Some of it comes down to luck. But I also think you create your own luck. I'm pretty ambitious. I want to win these events. Part of that comes from being from the East Coast. It's hard to make a name for yourself there.
In Tofino, the waves weren't that great. Even for someone who grew up surfing short-period, windy waves in Florida, it was pretty challenging. But all those guys [in the contest] surf so well. Joel [Tudor] and Vans do such a good job with the invitees for the event. There was some insane surfing happening. I think I just got into a rhythm in the final heat.
You also competed in the ASP Longboard Championships in China a few years back. Why would a single-fin, traditional longboard enthusiast compete in an event typically dominated by high-performace longboarders?
I did the Belmar Pro in New Jersey. It ended up being the only ASP-rated longboarding event in America that year, and I won. So I was the North American ASP longboard champ, which is pretty pathetic, considering it was one contest. That qualified me for the World Championships in China.
Really, what I had in the back of my head was that Joel [Tudor] used to do ASP contests back in the day. At that time, he was really the only person riding traditional single fins in contests. Everybody else was on rockered-out tri-fins. I really respected the way [Joel] was shredding on traditional equipment. That was the motivation to go to China. I wanted to win on a single fin like Joel did 20 years ago.
At the same time, I really wondered what modern longboarding was all about. When I got there, I realized that, as adamant as I am about riding traditional equipment, the guys who compete in those contests are just as hardcore about high-performance longboards. I felt like the oddball out. And I don't want to take anything away from those guys who compete in that format. I just don't see myself doing another contest like that.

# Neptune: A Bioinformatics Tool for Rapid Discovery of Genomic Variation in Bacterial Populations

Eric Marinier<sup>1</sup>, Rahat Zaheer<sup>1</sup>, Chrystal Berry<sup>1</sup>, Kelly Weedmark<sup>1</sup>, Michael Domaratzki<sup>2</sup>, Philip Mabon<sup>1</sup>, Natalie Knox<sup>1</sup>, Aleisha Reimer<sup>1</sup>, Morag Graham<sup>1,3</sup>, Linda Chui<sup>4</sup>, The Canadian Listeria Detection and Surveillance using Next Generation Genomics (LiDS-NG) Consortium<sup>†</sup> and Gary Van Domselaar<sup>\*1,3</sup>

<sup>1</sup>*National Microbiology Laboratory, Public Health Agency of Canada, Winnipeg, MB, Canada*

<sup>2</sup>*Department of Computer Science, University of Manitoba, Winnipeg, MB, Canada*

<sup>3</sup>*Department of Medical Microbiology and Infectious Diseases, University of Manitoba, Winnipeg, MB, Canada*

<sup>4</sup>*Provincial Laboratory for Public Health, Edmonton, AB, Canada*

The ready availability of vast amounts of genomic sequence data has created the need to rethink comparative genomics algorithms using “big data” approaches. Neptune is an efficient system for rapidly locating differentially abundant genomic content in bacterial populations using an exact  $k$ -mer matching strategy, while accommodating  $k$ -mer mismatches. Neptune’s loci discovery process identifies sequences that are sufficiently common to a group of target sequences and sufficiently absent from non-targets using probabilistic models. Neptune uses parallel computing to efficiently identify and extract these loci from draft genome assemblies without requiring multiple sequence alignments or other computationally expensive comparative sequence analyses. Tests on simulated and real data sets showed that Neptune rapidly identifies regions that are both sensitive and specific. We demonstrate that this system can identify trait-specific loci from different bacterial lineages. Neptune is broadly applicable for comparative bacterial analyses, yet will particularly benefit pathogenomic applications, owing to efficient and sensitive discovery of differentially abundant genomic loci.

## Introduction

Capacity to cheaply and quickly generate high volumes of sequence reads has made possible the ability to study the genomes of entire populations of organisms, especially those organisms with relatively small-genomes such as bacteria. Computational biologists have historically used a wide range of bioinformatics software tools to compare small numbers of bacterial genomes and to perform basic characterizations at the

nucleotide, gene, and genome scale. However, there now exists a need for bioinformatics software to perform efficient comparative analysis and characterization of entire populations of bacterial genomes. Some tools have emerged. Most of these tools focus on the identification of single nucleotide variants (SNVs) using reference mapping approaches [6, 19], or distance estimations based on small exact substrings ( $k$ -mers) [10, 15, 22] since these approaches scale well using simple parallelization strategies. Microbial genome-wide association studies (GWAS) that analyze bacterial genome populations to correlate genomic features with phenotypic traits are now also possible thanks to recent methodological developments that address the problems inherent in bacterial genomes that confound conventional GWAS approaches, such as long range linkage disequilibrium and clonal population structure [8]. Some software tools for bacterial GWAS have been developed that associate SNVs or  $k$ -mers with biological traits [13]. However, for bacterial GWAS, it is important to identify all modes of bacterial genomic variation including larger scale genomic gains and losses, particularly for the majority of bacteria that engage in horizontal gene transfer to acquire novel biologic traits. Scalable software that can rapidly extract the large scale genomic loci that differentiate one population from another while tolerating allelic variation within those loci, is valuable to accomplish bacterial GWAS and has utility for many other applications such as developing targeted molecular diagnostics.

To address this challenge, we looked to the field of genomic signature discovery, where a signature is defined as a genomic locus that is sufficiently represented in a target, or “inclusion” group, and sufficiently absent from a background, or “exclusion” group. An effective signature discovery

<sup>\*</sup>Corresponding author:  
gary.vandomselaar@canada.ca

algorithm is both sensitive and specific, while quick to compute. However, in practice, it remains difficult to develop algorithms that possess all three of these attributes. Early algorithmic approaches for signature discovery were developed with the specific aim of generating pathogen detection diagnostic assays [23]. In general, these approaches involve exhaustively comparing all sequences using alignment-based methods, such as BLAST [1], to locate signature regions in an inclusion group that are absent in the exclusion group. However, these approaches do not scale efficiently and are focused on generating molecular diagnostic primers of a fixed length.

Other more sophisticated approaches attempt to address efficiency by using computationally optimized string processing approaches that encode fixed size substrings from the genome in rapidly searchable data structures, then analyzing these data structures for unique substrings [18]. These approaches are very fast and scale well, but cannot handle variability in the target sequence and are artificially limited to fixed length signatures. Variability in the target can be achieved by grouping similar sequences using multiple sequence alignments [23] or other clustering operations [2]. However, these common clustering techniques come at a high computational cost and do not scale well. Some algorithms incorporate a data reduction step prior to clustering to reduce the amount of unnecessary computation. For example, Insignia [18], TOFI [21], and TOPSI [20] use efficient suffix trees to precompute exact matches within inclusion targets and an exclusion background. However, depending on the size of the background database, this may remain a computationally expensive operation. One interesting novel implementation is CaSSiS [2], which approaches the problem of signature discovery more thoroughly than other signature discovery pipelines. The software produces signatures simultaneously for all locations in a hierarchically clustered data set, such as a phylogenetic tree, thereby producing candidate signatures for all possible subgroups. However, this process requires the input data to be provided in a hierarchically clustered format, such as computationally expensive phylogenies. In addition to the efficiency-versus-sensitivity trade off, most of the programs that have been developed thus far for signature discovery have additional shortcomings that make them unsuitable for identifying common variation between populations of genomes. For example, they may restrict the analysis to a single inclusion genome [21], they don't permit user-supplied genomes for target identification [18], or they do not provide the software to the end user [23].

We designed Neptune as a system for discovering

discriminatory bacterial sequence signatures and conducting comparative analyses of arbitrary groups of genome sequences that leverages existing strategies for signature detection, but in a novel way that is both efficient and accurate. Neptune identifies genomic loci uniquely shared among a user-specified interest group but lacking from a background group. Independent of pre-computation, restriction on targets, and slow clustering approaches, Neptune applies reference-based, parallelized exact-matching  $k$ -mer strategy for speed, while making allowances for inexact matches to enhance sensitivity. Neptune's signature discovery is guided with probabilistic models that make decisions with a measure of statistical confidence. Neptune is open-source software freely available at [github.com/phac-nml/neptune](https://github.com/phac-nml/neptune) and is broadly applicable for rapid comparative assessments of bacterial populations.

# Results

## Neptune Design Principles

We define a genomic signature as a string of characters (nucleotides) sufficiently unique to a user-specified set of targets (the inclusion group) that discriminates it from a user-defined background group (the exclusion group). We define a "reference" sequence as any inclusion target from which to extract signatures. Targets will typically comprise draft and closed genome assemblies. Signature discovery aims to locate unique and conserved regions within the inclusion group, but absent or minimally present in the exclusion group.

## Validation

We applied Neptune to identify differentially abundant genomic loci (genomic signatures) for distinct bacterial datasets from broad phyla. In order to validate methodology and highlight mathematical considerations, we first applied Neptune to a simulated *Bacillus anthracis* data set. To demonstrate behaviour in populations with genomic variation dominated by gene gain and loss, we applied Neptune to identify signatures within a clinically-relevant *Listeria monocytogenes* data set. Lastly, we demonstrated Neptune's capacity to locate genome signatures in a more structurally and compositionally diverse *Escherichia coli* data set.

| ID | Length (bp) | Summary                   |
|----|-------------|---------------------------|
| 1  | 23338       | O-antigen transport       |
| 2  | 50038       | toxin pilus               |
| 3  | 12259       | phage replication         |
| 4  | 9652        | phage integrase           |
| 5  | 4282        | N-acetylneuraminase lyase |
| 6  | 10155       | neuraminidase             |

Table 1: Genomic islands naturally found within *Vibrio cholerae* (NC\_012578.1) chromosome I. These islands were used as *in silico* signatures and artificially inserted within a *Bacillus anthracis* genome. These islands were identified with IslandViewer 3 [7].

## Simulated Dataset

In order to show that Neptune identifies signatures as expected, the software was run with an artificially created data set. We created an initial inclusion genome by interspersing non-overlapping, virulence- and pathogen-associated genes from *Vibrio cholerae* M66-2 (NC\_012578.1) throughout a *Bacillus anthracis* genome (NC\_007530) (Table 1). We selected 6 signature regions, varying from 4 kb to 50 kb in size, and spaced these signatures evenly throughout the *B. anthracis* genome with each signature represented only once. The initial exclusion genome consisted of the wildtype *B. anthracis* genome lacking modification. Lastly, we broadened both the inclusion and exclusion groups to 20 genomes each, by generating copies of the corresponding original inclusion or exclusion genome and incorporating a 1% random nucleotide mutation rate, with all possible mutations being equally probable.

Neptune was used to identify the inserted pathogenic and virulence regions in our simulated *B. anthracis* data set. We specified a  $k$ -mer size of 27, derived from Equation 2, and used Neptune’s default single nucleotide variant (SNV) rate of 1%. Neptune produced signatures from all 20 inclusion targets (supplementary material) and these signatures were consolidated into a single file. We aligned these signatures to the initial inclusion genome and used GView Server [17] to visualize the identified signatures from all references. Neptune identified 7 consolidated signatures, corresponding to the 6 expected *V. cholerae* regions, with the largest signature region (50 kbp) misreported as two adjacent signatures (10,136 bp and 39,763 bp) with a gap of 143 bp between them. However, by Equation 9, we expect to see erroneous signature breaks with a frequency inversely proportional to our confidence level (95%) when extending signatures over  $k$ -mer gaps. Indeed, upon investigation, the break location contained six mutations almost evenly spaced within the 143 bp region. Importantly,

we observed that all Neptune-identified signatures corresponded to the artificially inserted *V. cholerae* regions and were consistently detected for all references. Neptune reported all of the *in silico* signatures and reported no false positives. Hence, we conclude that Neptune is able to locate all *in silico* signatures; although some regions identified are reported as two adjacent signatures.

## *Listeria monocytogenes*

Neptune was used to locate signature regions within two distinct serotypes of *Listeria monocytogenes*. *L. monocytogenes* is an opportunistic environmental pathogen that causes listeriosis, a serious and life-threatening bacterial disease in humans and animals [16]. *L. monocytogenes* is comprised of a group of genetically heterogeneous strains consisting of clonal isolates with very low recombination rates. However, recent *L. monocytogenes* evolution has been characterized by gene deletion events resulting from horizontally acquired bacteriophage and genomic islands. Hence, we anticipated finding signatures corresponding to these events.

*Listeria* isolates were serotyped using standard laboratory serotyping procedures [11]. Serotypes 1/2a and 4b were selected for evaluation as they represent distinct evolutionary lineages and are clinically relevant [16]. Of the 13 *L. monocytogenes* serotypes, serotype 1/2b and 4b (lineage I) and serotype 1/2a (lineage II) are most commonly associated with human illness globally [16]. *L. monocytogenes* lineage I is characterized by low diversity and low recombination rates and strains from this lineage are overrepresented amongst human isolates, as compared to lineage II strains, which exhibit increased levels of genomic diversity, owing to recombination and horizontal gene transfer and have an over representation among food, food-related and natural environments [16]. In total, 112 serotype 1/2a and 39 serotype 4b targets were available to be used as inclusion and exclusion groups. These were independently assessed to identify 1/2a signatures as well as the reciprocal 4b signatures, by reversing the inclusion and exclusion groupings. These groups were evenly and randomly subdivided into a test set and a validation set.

So is the Duct Tape more representative of the state of professional longboarding?
I think what Vans is doing is a great showcase. It's an excellent event with some of the best longboarding in the world. It'd be great if we could piggyback off events at some of the spots on the WSL Tour. I think if they had the best traditional loggers at the best waves, I think it could be as lucrative as the shortboard contests. I'd love to watch someone who hangs ten at Malibu pull into barrels at Pipe on a longboard. I wouldn't miss a single heat.
So what does it mean to be a professional longboarder in 2016? Is longboarding still relevant?
I don't necessarily see there being a need for such a thing as a "professional longboarder." To me, longboarding is just riding a longer, heavier board with one fin. It's a focus on style. I like this quote from Baldassare Castiglione: "A certain nonchalance as to conceal all art and make whatever one does or says appear to be without effort and almost without any thought about it." There are a lot of guys who typify that from the generation before me: Tudor, [Alex] Knost, CJ Nelson, Dane Peterson, Kassia Meador. All of those longboarders had a huge impact on surf culture. We're at a really exciting time for logging. Longboarding is based on traditions, but if you watch some of the young guys coming up, it can be just as progressive as high-performance shortboarding.